Faculty, students in key roles

While there are many institutes of politics across the country, some connected with major universities, Israel says that the IOPGA’s innovative programming, immersive activities, and agility—sometimes producing content within days of a seminal political event, such as the panel following the Capitol assault—distinguishes Cornell’s, as does its NYC metro area location.

Portrait of Anuli Ononye ’22, the Institute of Politics and Global Affairs’ first intern
Anuli Ononye ’22 is IOPGA’s first intern. (Photo provided)

The institute also prioritizes teaching and mentoring students and bringing them along into careers in public policy. “One of the platforms we provide is this intense interaction between journalists and political operatives, campaign experts, and students to help shape their careers and then place them in jobs,” Israel says.

One of those students is Anuli Ononye ’22, who also is the current Student Assembly president. She became the institute’s first intern in March 2020 and also got an internship at the D.C.-based publication The Hill that summer.

She mostly works on IOPGA’s weekly newsletter, but has also immersed herself in the issues. “In college, sometimes I’m in a bit of a liberal echo chamber,” she says. “The institute encourages me to branch out and have some of those further conversations with others from different political backgrounds, which has been really positive for me.”

Government professor Doug Kriner, IOPGA’s faculty director, maintains related programming on the Ithaca campus, where faculty use their research and expertise to speak to some of the same questions the institute tackles, thereby strengthening the institute’s connections to policy development work happening on the Hill.

We have been intensely polarized, but in multiple periods throughout American history, polarization has ebbed and flowed.

Government professor Doug Kriner

Above all, keeping a broader historical perspective in mind is key to long-term progress, Kriner says. “We have been intensely polarized, but in multiple periods throughout American history, polarization has ebbed and flowed,” he says. “To think that we are on a linear irrevocable path that will never ever change is wrong.”

IOPGA events, he notes, have brought together students from across the political divide—promoting discussions that are civil, engaged, and fact-based. Says Kriner: “That’s so critical in a university where free speech, freedom of expression, an exchange of ideas, and questioning our own prior assumptions is such an important part of our mission.”

Top image: Illustration by Cornell University.

Published: January 11, 2022


  1. Bruce Waxman, Class of 1964

    At this point in time, in today’s political climate, with real indications that our democracy is under serious threat of authoritarianism, the IOPGA is beyond naive and is a dangerous distraction from the real work that needs to be done to save the republic..

  2. Roger M. Davis, Class of 1978

    The IOPGA appears to be yet another “think-tank” promoting neo-liberalism, liberalism views, or the same form of “Educational Elitist Industrial Complex” constructs or theorists that got us here (2022) in the first place. Once again, the IOPGA starts off with the “top to bottom” (like Davos, WTO, G8) mentality that ignores the “grassroots” or just sees them as victims needing the parental guidance of the elites. Did anyone ask Clinton/Bush where all the millions raised in support of Haiti (after the earthquake) went? So how is Haiti still the most impoverished nation in our hemisphere and most recently experiences even more tragic events including Haitians fleeing to the US Border only to be driven back by whip wielding Border police?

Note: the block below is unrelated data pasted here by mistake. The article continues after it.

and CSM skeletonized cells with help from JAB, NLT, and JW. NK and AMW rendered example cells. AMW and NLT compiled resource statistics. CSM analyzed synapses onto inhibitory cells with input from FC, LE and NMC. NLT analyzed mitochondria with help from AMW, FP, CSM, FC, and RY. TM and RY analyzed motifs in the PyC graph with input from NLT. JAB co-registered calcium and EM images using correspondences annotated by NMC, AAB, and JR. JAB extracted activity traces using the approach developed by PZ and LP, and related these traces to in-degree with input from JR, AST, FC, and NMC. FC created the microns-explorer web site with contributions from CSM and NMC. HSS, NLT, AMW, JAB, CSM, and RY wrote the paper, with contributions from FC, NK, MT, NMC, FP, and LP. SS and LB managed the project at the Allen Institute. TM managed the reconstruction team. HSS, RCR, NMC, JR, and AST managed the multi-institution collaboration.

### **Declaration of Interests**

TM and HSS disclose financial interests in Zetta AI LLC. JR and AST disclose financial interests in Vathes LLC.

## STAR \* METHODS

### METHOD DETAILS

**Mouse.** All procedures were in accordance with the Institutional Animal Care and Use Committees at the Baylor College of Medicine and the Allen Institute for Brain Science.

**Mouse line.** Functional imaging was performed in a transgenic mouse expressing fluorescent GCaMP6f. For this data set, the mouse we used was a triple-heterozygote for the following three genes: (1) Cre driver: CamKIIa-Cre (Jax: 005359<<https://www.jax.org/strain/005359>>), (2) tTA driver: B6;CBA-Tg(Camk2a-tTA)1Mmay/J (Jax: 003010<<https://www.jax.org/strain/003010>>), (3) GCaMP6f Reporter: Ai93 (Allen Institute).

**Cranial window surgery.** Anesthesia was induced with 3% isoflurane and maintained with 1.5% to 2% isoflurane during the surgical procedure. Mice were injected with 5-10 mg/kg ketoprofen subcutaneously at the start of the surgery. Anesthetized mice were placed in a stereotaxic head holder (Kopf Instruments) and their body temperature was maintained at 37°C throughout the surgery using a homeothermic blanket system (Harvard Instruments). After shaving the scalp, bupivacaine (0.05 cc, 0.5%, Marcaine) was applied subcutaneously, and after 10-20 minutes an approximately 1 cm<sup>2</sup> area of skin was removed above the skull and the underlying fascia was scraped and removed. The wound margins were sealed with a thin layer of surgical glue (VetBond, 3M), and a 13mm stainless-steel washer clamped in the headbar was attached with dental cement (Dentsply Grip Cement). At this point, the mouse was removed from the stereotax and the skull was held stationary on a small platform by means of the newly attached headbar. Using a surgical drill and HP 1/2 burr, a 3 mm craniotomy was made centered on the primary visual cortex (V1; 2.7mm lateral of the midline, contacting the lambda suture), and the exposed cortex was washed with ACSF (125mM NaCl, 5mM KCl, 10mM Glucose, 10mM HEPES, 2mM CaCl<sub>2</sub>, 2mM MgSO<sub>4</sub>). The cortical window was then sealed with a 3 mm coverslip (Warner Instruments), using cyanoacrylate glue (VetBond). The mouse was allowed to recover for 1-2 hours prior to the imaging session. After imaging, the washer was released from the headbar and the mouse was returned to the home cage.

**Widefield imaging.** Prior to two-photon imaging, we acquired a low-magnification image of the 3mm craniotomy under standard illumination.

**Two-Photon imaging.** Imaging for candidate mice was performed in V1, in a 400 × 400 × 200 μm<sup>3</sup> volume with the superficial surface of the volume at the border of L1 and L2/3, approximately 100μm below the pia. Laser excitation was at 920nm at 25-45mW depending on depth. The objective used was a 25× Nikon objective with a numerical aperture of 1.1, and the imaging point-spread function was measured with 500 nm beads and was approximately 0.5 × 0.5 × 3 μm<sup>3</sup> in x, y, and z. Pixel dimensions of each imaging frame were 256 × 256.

In the early 2000s I enrolled at the Korea University Graduate School of International Studies where I saw how the same above paradigm homogenizes academics globally. The western hegemon in globalization being bolstered by international financial capitalism will not find solutions to pandemics, or conflict.

    I sense the IOPGA will depend on those same corporates for grants or their foundations which reinforces the mediocre rather than the paradigm shift in global thinking so necessary for real change.
    Perhaps, these “comments” won’t be “approved” but I needed to write it anyway because the voices of African-American radicals (like myself) seldom are heard except if they kowtow to the mainstream thought. Thus, the IOPGA perhaps is following the (Professional Golf Association-PGA) as a venue for grooming a new round of elites. Just like for decades we highlight Dr. MLK, Jr. and negate Malcolm X, Stokely Carmichael, Fred Hampton, Kwame Nkrumah, Haile Selassie, or Marcus Garvey — each of whom were prolific global thinkers.

    Anyway, good luck in your endeavors with the hope you become more inclusive.

  3. Kevin Bruns, Class of 1979

    Is that the same Newt Gingrich who this week called for the jailing of Reps. Liz Cheney, Jamie Raskin, Adam Kinzinger and other members of the House committee investigating the storming of the Capitol? Today’s highly partisan, destroy-the-institution-to-win Republican party can be traced directly to Gingrich.

  4. Stephen DeVos, Class of 2005

    I was hopeful that the IOPGA might be a voice for bi-partisan discussion and not be a Ms. Onoyne eloquently noted a place for learning outside of the liberal echo chamber. Unfortunately, this article highlights the fundamental problem with the IOPGA as it fails to really engage serious people on the right and it’s Council of Advisors is dominated by leftist. How can the IOPGA be seen as engaging bi-partisanship when it’s programming contains Congreswomen Pelosi and Adam Schiff, two of the most divisive people in Washington. The quote “Conservative “ voices (Kasich, Preibus and Stevens) are not credible to anyone on the right in the US. If this effort wants engage in serious issues, meet with Leader McCarthy, Congressman Scalise or Senators Barrasso and Blunt. I hope Cornell genuinely strives to do the greatest good by engaging all Americans in our country and not just half.